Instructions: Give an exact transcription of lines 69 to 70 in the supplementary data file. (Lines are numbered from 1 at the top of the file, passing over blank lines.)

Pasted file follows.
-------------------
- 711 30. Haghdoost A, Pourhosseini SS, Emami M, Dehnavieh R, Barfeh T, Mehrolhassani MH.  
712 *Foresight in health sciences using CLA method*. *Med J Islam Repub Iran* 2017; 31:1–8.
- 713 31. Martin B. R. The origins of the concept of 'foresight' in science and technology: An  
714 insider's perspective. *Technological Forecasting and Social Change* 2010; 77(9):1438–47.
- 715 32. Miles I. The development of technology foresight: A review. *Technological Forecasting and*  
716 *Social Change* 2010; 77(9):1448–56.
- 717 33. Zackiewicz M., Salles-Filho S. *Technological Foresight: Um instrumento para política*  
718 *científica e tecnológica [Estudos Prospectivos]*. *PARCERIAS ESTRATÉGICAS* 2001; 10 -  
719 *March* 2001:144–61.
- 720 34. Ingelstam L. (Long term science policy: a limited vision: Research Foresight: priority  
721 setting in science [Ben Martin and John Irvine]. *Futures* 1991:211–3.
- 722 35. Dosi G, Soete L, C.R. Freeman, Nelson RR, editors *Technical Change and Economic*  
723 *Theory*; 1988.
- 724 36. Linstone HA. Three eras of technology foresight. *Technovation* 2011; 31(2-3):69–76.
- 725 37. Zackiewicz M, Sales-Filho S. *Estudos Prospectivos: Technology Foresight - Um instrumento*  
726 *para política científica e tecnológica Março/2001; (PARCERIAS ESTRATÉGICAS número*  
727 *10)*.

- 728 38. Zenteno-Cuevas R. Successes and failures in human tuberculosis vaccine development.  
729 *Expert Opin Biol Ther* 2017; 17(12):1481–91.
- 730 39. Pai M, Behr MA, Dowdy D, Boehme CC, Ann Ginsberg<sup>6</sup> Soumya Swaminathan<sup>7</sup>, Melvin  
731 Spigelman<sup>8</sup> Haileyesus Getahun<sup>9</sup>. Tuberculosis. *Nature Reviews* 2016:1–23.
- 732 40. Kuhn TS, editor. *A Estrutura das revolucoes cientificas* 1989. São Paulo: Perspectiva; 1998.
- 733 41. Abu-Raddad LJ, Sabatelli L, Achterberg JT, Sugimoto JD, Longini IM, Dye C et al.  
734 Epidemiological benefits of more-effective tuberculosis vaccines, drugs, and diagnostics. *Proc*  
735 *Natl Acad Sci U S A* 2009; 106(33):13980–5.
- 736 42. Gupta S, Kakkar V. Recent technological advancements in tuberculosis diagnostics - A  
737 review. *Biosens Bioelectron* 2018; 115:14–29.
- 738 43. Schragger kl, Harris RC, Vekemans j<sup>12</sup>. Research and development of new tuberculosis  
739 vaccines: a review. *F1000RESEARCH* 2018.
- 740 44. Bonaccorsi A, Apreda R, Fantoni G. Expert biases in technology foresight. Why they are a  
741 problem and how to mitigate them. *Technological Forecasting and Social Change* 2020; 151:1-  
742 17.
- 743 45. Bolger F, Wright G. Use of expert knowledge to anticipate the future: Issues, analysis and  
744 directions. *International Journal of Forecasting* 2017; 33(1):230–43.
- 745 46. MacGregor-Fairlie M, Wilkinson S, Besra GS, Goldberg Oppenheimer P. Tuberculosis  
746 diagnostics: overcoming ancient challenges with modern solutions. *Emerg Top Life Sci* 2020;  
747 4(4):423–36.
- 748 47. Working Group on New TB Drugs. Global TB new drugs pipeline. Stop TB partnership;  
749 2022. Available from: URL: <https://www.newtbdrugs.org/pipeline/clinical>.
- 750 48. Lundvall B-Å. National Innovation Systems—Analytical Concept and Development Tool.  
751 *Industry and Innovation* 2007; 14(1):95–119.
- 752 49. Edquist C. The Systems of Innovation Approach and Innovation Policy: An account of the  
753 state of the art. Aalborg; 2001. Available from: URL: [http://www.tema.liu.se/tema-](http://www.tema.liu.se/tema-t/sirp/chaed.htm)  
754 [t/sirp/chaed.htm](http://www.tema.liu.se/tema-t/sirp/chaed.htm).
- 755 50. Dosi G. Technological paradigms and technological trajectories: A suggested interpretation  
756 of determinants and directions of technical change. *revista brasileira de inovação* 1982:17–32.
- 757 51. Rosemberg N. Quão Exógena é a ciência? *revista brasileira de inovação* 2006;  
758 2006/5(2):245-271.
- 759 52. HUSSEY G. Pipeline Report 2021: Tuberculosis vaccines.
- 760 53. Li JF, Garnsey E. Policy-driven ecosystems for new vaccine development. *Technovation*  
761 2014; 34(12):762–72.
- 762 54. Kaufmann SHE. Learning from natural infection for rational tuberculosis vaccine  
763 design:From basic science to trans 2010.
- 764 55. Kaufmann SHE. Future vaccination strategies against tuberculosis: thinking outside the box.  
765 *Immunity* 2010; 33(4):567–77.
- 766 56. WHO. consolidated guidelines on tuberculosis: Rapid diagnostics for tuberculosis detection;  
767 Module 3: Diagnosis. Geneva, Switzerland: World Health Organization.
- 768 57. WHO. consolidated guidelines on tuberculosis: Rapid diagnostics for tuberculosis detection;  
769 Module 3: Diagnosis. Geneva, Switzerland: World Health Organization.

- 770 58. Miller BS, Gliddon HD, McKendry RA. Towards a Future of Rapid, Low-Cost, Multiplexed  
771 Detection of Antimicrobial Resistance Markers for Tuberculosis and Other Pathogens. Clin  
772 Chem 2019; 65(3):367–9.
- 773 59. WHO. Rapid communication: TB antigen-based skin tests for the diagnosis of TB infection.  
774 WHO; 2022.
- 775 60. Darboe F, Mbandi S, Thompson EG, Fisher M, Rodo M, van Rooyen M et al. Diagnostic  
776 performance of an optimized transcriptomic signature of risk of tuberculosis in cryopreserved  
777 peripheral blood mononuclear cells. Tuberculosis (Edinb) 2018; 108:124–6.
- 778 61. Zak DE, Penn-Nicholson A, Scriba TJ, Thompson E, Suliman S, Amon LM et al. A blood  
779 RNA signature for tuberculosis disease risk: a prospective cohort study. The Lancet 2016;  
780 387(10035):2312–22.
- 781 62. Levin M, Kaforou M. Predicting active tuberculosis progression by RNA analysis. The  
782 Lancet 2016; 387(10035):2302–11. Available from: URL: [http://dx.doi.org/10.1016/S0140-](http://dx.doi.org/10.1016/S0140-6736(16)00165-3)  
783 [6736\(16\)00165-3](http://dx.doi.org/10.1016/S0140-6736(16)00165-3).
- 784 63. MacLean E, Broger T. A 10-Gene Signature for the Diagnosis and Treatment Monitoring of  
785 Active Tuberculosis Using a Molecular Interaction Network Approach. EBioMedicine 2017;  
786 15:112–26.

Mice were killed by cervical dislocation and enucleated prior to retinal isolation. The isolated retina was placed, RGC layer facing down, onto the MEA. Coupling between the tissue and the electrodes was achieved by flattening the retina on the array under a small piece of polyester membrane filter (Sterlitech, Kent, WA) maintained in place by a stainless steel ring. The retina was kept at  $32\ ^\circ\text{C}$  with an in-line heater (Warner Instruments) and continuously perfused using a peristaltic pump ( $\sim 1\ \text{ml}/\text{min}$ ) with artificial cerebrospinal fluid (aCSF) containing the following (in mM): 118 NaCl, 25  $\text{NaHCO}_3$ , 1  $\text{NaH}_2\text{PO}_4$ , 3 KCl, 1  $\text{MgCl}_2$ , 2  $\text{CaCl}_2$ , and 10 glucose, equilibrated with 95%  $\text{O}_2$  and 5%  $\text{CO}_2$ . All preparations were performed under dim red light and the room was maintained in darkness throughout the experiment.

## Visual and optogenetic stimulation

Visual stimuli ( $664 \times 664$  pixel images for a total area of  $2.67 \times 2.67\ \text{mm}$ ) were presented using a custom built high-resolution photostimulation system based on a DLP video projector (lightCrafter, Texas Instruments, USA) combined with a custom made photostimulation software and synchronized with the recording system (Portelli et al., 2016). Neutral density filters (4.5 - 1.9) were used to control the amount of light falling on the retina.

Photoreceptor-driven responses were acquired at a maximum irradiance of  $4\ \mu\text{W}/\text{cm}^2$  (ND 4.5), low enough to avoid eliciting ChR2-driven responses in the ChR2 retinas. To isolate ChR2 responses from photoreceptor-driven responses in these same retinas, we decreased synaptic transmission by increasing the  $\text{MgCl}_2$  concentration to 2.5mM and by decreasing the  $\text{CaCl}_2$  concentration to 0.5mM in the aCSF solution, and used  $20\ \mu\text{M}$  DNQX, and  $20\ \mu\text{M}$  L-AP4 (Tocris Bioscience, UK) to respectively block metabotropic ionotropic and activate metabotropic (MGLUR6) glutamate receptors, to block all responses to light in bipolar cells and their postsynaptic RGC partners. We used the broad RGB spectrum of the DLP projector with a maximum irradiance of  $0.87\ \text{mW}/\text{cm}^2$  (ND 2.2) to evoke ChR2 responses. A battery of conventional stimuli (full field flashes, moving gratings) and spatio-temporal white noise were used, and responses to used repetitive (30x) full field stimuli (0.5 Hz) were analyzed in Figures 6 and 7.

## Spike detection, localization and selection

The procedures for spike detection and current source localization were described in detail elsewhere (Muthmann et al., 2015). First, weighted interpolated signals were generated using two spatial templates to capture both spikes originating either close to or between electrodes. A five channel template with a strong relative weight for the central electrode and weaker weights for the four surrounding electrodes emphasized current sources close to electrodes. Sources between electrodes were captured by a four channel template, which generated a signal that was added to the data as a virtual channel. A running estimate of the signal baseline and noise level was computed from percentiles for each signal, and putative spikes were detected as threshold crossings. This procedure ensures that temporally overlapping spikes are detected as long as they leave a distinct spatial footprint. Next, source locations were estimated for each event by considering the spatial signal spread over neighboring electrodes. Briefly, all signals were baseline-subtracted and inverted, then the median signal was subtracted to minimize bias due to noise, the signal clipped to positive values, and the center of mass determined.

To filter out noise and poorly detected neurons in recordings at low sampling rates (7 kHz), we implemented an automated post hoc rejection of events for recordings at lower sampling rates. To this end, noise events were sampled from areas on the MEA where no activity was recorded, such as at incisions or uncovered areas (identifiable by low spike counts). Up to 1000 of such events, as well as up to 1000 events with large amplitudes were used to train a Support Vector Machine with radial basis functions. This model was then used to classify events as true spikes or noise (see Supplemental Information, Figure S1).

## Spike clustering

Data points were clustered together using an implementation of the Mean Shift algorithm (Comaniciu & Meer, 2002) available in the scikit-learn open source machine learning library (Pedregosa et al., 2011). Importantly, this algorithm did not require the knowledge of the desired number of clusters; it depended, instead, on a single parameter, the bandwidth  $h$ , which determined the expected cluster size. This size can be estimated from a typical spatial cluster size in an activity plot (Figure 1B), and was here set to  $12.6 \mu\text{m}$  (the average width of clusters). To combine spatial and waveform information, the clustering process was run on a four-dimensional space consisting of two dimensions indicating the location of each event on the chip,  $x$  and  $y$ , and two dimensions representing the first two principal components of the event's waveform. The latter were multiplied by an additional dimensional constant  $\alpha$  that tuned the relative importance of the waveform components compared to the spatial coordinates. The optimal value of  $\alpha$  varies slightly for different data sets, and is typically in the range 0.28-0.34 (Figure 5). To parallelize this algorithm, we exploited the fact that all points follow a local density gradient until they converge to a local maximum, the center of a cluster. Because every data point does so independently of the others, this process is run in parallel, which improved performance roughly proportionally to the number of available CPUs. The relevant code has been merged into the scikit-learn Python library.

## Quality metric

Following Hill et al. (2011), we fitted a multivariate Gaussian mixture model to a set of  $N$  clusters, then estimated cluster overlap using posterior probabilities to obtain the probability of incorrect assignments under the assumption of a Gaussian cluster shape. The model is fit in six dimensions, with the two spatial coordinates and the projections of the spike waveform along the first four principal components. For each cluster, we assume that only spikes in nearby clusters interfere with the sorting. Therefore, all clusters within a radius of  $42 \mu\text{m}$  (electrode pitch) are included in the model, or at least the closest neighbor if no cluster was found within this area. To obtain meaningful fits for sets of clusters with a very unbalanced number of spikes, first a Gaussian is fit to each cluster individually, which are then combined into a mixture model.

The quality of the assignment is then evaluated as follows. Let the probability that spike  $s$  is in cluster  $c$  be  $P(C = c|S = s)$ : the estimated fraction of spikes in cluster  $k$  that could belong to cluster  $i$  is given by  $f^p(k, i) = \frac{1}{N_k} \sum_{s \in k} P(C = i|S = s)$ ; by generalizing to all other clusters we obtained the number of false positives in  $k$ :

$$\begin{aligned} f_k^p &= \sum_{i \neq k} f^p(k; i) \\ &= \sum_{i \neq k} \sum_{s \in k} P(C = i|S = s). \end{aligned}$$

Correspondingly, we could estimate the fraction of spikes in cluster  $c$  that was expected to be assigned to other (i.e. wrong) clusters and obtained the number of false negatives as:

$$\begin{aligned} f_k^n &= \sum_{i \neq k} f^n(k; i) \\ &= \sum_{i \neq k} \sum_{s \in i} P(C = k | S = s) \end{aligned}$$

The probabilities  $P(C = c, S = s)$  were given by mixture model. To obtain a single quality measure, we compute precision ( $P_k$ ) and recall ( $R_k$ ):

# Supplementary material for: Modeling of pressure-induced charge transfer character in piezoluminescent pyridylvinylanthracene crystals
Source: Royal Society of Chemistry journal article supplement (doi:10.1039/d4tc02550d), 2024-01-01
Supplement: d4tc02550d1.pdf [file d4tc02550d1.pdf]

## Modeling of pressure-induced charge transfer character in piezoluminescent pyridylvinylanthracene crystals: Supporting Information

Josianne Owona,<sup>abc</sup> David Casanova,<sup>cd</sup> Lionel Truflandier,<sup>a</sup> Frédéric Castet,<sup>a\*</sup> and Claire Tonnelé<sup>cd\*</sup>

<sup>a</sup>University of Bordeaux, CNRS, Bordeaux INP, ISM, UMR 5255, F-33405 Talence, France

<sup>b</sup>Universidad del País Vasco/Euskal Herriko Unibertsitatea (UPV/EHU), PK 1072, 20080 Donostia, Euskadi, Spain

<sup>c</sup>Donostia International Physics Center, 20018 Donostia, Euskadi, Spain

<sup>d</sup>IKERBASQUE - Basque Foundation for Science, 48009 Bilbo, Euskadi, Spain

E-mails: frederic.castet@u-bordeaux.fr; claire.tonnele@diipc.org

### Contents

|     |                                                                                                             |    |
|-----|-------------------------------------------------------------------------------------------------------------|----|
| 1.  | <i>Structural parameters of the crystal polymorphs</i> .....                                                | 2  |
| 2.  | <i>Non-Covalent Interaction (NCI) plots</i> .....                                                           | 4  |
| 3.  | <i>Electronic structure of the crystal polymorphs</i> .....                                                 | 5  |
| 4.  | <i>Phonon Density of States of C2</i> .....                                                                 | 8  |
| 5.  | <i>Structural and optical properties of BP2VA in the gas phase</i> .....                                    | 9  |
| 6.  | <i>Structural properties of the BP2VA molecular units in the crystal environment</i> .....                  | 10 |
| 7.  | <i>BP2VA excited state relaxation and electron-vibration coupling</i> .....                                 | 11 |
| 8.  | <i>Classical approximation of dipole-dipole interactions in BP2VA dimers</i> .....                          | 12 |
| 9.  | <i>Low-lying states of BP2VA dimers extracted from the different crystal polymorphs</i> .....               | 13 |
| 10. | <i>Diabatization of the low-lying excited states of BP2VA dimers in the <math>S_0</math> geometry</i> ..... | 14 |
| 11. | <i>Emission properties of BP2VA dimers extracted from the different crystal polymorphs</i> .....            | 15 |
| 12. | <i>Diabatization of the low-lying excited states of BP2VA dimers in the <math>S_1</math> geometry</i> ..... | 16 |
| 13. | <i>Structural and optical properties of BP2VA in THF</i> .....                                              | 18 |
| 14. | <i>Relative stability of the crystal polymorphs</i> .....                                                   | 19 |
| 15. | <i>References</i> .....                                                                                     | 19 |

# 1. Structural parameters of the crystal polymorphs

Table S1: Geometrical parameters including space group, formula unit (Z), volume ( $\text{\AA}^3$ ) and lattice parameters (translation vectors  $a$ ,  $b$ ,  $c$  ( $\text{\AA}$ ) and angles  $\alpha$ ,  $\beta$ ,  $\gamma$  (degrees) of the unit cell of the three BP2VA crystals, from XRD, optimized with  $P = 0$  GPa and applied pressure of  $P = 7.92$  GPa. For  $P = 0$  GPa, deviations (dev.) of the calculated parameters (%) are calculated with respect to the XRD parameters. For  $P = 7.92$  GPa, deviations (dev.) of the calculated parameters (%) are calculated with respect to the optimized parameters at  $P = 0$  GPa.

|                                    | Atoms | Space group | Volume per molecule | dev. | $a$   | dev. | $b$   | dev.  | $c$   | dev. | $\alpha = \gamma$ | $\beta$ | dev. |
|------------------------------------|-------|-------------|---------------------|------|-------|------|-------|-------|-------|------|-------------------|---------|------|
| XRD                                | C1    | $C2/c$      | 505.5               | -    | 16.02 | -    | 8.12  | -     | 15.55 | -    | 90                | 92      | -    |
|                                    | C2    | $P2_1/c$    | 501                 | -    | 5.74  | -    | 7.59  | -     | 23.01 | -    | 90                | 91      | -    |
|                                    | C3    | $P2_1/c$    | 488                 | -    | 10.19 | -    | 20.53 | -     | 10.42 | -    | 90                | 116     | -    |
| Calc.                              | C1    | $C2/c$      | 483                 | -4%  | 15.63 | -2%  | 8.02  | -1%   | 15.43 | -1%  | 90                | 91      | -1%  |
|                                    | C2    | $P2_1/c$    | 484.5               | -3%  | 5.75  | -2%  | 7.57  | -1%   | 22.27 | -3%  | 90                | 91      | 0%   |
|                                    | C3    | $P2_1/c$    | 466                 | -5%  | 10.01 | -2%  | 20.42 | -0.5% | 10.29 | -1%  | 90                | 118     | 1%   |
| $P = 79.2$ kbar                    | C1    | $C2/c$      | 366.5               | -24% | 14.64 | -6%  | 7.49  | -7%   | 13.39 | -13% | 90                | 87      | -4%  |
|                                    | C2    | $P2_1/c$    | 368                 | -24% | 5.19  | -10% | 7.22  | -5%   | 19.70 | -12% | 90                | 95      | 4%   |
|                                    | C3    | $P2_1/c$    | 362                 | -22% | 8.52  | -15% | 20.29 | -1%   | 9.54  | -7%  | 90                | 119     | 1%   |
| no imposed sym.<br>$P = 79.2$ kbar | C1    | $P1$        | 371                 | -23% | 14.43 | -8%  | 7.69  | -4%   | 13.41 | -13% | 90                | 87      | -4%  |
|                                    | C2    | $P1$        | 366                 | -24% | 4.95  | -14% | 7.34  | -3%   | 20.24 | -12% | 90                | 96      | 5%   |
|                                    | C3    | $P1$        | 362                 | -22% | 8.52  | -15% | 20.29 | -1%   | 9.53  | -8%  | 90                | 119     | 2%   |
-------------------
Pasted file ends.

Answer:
779 RNA signature for tuberculosis disease risk: a prospective cohort study. The Lancet 2016;  
780 387(10035):2312–22.